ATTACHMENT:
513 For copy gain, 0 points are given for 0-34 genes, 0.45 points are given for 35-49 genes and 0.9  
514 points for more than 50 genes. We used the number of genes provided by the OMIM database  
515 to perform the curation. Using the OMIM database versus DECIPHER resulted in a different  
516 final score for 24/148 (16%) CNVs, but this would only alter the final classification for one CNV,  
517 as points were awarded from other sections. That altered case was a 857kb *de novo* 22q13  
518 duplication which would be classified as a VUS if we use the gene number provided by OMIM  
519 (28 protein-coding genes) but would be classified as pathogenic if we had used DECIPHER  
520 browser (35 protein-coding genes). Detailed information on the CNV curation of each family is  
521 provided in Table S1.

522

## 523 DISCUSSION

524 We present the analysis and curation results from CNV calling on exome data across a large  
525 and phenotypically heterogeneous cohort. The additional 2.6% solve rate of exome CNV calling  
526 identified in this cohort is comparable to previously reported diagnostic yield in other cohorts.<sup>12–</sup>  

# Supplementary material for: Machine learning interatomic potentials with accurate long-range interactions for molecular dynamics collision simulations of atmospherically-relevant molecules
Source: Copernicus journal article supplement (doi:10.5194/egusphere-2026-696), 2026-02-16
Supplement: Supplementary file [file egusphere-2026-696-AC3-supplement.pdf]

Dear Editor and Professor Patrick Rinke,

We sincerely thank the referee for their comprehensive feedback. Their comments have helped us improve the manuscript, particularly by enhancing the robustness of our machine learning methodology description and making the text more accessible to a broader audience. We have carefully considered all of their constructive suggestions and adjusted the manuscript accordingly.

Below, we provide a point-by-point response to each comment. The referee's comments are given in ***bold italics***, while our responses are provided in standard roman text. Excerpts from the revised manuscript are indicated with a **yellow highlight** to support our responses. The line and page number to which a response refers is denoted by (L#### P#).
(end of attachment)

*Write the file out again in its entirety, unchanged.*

513 For copy gain, 0 points are given for 0-34 genes, 0.45 points are given for 35-49 genes and 0.9  
514 points for more than 50 genes. We used the number of genes provided by the OMIM database  
515 to perform the curation. Using the OMIM database versus DECIPHER resulted in a different  
516 final score for 24/148 (16%) CNVs, but this would only alter the final classification for one CNV,  
517 as points were awarded from other sections. That altered case was a 857kb *de novo* 22q13  
518 duplication which would be classified as a VUS if we use the gene number provided by OMIM  
519 (28 protein-coding genes) but would be classified as pathogenic if we had used DECIPHER  
520 browser (35 protein-coding genes). Detailed information on the CNV curation of each family is  
521 provided in Table S1.

522

## 523 DISCUSSION

524 We present the analysis and curation results from CNV calling on exome data across a large  
525 and phenotypically heterogeneous cohort. The additional 2.6% solve rate of exome CNV calling  
526 identified in this cohort is comparable to previously reported diagnostic yield in other cohorts.<sup>12–</sup>  

# Supplementary material for: Machine learning interatomic potentials with accurate long-range interactions for molecular dynamics collision simulations of atmospherically-relevant molecules
Source: Copernicus journal article supplement (doi:10.5194/egusphere-2026-696), 2026-02-16
Supplement: Supplementary file [file egusphere-2026-696-AC3-supplement.pdf]

Dear Editor and Professor Patrick Rinke,

We sincerely thank the referee for their comprehensive feedback. Their comments have helped us improve the manuscript, particularly by enhancing the robustness of our machine learning methodology description and making the text more accessible to a broader audience. We have carefully considered all of their constructive suggestions and adjusted the manuscript accordingly.

Below, we provide a point-by-point response to each comment. The referee's comments are given in ***bold italics***, while our responses are provided in standard roman text. Excerpts from the revised manuscript are indicated with a **yellow highlight** to support our responses. The line and page number to which a response refers is denoted by (L#### P#).